How to manage cotton that emerges unevenly

Numerous instances have been observed this year of multiple growth stages of cotton in the same field — and in some instances in the same row.

This situation can present management challenges throughout the season. The following points are offered in regard to managing these situations:

 1. Determine if selected areas of the field have worse stand emergence issues than others.

For example, areas of fields were water pooled more so than other areas usually have more variable emergence and uneven stands than other areas.

If these areas can be relatively easily blocked off when spraying, manage them as needed for insects, weeds, excessive vegetative growth, etc.

2. More times than not, emergence patterns were dictated by soil moisture available (or not available) at planting.

In these situations, where soil moisture was present, cotton emerged and appears normal.

When cotton seed was planted into dry soil, emergence was dictated by subsequent rainfall. When this is the case, determine how much of the field has uneven emergence.

Manage the field based on the age of cotton that dominates the field. For example, if you have some cotton that emerged relatively quickly after planting but only constitutes 20 percent of the field and the remaining cotton emerged later and constitutes 80 percent of the field, manage the crop that makes up 80 percent of the field.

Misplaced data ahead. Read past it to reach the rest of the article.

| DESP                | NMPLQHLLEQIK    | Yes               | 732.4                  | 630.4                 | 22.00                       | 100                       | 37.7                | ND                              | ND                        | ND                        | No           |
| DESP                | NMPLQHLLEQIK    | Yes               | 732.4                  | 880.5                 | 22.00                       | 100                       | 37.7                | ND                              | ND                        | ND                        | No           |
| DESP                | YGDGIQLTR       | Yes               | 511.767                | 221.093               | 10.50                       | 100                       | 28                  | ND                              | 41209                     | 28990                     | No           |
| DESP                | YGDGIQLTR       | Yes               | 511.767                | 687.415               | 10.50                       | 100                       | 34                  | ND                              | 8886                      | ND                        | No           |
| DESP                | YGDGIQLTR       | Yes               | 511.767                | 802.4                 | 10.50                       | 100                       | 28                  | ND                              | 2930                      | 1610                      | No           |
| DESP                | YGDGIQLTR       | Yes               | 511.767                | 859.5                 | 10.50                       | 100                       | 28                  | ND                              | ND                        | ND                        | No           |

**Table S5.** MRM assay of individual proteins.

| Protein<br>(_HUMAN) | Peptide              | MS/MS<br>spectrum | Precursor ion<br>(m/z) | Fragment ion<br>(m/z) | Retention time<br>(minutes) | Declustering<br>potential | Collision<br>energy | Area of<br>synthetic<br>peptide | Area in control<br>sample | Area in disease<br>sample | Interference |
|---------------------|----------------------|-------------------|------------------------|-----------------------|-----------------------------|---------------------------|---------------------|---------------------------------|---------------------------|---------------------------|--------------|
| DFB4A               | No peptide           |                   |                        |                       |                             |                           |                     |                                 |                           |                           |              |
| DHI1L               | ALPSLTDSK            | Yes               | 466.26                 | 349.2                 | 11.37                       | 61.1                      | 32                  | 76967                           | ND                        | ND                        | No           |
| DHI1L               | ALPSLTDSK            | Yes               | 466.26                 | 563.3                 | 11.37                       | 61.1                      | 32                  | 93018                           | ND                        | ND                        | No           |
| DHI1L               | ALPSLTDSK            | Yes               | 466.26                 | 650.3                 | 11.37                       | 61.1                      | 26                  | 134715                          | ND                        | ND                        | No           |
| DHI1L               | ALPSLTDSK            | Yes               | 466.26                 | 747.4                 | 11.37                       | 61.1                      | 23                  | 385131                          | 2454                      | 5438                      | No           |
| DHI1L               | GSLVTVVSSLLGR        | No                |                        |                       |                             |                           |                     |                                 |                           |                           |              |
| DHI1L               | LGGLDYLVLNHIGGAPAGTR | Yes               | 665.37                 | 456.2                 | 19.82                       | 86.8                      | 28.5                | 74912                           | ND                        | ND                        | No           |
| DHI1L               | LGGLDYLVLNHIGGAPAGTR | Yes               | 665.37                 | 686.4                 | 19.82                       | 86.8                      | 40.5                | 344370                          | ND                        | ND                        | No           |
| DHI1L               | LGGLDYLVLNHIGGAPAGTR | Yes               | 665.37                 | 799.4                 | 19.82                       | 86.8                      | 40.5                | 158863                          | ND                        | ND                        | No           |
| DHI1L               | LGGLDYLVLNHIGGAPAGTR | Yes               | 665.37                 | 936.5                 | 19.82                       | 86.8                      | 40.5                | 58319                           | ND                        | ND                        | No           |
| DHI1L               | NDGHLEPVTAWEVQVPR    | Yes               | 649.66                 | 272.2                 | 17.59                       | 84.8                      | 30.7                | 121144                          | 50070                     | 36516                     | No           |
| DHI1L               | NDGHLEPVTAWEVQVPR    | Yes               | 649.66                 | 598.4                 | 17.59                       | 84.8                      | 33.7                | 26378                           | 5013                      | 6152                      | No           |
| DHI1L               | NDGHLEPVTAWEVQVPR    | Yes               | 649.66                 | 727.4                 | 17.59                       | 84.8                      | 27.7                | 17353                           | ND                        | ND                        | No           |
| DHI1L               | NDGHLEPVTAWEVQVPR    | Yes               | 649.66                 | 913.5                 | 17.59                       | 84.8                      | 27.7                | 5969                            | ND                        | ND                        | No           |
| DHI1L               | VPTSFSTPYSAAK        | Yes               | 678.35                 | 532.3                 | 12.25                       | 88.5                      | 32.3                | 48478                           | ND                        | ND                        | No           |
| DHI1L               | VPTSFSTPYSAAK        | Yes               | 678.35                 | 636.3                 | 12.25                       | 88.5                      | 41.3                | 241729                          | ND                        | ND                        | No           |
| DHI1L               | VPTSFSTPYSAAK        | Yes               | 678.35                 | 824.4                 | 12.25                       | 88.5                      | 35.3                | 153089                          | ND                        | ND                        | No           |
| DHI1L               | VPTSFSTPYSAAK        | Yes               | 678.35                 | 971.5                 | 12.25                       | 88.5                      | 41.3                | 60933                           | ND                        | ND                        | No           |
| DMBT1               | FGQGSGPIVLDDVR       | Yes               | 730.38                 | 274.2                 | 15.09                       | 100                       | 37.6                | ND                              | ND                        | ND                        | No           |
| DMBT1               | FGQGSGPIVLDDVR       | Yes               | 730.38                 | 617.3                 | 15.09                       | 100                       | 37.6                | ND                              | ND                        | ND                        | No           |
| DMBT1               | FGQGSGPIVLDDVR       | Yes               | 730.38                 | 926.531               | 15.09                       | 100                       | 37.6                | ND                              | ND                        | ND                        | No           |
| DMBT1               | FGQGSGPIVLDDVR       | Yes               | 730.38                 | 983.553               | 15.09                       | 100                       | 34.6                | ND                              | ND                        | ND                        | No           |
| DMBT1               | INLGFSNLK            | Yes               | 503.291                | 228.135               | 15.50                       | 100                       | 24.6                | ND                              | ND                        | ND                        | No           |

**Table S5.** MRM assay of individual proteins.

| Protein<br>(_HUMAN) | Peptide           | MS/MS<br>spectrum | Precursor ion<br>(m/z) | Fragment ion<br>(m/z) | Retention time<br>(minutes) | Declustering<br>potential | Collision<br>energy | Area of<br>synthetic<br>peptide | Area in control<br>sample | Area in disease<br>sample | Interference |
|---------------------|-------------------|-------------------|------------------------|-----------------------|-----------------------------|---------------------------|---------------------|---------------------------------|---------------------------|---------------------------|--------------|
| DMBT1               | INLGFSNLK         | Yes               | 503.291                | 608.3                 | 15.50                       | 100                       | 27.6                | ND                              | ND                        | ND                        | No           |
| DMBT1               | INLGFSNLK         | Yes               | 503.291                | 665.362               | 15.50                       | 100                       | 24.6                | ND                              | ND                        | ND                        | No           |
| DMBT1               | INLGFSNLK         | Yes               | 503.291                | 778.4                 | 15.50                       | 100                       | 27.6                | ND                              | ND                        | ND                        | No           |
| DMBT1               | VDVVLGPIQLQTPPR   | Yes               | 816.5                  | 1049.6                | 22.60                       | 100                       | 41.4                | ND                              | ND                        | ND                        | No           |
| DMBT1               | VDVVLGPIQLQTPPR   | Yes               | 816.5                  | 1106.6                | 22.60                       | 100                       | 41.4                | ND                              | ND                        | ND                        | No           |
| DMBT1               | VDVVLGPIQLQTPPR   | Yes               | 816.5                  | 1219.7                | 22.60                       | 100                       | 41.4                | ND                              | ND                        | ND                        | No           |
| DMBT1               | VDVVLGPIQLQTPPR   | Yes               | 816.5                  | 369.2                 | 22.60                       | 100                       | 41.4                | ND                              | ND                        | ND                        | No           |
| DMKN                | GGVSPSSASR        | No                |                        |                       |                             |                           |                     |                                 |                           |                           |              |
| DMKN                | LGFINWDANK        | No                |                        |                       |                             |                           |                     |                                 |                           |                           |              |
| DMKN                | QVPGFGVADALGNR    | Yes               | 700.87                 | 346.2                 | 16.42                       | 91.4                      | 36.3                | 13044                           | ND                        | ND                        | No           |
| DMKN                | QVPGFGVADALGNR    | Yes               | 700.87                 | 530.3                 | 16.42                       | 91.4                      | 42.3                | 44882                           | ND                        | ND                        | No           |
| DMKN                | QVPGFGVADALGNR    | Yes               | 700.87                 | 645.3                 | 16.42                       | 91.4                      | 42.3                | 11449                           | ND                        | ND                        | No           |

3. In the most extreme situations, emergence was erratic with no pattern whatsoever.

When this is the case and it is a total mixed bag of crop ages, management becomes more difficult.

Manage the crop for the oldest stand of cotton in this situation with respect to insects and weeds.

With plant growth regulators, however, do not make applications to oldest cotton when youngest cotton has less than 8 nodes (if possible). The oldest cotton will get larger and want to put on vegetative growth and will likely need a plant growth regulator application.

Keep in mind the goal is to not hurt potential growth of younger cotton when making applications to older cotton. This is a difficult situation and compromises will have to be made.

4. The height of the variable emerging crop will likely level out to some degree, but you cannot change the chronological age of that cotton plant.

In other words, height may be equal, but if one plant emerged three weeks after another, the plant will always be three weeks behind. Do not be fooled by a crop that has leveled out in terms of height and think that maturity is the same across the board when variable emergence occurred.

TAGS: Management
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